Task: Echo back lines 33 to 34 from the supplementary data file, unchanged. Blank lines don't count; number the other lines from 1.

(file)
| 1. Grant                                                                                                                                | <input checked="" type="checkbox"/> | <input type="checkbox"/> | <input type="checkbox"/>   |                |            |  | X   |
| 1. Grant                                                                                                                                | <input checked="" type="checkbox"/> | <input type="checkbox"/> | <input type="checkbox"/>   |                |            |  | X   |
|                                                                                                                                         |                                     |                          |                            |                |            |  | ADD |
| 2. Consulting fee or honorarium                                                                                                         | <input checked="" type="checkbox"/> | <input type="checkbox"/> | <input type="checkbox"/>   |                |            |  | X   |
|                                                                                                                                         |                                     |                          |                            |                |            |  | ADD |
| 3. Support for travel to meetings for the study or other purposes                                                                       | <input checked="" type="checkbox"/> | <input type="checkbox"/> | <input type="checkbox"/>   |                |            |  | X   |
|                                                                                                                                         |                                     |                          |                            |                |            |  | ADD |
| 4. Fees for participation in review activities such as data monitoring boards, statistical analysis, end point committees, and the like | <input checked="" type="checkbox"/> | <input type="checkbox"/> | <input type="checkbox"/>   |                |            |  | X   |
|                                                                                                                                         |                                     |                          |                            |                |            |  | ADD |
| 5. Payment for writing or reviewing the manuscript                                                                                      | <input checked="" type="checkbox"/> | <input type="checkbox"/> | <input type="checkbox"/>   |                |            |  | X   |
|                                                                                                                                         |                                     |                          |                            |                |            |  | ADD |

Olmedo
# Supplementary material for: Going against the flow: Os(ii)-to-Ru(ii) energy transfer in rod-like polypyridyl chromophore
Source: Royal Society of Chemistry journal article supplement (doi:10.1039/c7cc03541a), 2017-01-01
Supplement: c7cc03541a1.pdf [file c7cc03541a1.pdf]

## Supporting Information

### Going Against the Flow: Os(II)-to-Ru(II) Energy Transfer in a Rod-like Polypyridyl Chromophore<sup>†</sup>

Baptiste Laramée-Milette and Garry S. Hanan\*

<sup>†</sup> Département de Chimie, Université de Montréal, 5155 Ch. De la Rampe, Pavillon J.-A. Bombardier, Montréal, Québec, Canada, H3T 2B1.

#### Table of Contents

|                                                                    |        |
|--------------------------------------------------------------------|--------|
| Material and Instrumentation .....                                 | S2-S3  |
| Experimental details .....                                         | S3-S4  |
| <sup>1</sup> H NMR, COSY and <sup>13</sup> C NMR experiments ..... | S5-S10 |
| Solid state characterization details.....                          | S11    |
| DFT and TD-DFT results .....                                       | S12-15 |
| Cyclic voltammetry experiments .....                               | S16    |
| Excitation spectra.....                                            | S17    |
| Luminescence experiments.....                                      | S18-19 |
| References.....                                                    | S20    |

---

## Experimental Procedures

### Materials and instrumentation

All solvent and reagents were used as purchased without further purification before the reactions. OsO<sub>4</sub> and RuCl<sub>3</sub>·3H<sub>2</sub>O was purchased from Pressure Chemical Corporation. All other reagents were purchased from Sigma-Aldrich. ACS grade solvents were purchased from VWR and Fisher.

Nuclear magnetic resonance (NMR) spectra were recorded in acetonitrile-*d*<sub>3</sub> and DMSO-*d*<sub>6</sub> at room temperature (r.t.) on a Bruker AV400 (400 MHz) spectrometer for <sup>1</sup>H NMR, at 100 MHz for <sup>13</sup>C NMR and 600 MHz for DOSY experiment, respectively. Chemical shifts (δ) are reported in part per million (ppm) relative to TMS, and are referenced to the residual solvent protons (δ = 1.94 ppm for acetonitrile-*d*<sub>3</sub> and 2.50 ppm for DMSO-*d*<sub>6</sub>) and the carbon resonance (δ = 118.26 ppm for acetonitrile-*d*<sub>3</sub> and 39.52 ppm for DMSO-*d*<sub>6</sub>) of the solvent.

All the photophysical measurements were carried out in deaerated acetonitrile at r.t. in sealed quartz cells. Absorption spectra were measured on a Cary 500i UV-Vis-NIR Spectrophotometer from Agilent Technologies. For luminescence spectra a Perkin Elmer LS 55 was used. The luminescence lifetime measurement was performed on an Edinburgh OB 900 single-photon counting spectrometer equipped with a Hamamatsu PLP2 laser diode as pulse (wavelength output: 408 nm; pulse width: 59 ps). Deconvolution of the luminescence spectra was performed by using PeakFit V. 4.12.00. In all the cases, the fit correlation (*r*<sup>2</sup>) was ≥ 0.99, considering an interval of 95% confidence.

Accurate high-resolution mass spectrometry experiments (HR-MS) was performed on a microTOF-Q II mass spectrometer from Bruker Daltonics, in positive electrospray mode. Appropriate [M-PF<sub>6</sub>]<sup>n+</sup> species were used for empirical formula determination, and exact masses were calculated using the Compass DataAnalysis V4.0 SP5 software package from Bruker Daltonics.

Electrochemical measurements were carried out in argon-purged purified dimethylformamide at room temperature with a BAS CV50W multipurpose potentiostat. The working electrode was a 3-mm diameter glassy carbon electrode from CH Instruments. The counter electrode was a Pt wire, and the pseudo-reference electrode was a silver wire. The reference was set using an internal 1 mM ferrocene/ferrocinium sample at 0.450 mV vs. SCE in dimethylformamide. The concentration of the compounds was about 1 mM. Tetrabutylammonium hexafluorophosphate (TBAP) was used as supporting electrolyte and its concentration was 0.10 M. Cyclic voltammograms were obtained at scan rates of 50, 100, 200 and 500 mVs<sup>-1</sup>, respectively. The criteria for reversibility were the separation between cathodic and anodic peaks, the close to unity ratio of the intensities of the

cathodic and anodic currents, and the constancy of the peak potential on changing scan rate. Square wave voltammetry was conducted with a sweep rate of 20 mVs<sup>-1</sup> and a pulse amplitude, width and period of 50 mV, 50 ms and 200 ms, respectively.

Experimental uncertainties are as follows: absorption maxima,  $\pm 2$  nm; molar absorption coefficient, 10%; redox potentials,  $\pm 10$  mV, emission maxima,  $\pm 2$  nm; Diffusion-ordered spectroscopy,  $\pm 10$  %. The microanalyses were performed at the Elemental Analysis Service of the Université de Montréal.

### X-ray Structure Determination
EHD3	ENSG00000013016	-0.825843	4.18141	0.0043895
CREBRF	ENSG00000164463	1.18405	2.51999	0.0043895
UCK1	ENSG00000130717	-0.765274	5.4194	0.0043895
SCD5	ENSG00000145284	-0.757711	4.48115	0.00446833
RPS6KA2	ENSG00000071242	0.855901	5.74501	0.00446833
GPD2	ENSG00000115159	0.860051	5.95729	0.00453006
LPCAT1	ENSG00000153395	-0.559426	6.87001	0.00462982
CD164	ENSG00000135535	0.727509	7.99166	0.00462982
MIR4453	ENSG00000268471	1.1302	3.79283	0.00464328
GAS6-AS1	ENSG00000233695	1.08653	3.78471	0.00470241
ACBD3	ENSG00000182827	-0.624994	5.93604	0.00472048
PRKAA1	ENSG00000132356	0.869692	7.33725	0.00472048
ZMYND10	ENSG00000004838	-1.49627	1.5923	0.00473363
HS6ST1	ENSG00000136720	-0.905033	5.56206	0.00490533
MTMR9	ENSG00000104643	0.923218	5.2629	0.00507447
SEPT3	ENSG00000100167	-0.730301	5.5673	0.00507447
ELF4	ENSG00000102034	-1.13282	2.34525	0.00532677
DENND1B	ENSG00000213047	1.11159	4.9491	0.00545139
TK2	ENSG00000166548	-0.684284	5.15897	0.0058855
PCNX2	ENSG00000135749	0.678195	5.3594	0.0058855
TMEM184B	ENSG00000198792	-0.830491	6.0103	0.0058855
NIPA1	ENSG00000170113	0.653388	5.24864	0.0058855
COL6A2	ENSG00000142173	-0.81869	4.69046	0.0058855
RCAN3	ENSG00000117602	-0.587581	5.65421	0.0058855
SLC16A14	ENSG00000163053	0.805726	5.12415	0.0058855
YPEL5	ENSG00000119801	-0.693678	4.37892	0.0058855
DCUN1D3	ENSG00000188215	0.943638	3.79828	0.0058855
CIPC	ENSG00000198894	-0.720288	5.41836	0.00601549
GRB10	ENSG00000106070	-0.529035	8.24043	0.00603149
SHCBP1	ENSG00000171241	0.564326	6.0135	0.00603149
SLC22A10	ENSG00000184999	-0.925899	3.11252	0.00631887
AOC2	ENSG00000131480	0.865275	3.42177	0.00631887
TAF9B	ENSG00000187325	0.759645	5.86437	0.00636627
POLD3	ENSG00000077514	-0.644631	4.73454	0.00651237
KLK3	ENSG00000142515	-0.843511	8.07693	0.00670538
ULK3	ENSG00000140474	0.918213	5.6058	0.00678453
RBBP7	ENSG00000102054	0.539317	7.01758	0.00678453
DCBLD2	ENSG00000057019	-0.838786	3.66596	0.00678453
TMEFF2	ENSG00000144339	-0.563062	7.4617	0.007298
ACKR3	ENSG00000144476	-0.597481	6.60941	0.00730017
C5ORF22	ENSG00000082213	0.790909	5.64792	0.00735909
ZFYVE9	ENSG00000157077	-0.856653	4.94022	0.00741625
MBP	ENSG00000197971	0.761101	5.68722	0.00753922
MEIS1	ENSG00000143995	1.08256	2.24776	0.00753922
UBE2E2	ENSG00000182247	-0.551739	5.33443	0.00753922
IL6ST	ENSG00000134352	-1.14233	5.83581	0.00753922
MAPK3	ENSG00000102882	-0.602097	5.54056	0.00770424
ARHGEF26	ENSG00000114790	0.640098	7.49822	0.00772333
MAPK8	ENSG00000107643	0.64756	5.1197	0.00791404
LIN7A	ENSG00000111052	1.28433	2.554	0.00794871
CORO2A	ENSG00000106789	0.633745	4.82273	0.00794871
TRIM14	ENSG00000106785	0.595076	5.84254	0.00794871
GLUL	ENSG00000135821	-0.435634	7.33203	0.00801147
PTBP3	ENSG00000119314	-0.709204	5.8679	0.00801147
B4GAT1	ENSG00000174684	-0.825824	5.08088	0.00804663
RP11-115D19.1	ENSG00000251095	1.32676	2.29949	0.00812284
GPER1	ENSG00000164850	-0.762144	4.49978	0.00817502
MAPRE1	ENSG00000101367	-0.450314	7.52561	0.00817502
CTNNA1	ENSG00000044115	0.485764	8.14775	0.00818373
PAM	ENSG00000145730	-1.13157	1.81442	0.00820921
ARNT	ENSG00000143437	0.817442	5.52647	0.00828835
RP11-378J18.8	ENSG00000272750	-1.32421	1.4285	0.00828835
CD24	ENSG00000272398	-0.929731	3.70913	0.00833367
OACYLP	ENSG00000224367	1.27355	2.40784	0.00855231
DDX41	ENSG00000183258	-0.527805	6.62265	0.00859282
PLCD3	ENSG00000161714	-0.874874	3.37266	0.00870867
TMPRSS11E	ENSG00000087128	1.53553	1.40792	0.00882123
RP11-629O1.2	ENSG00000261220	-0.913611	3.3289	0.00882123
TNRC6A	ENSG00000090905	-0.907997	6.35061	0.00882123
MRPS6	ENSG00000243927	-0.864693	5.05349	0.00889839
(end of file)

## Experimental Procedures

### Materials and instrumentation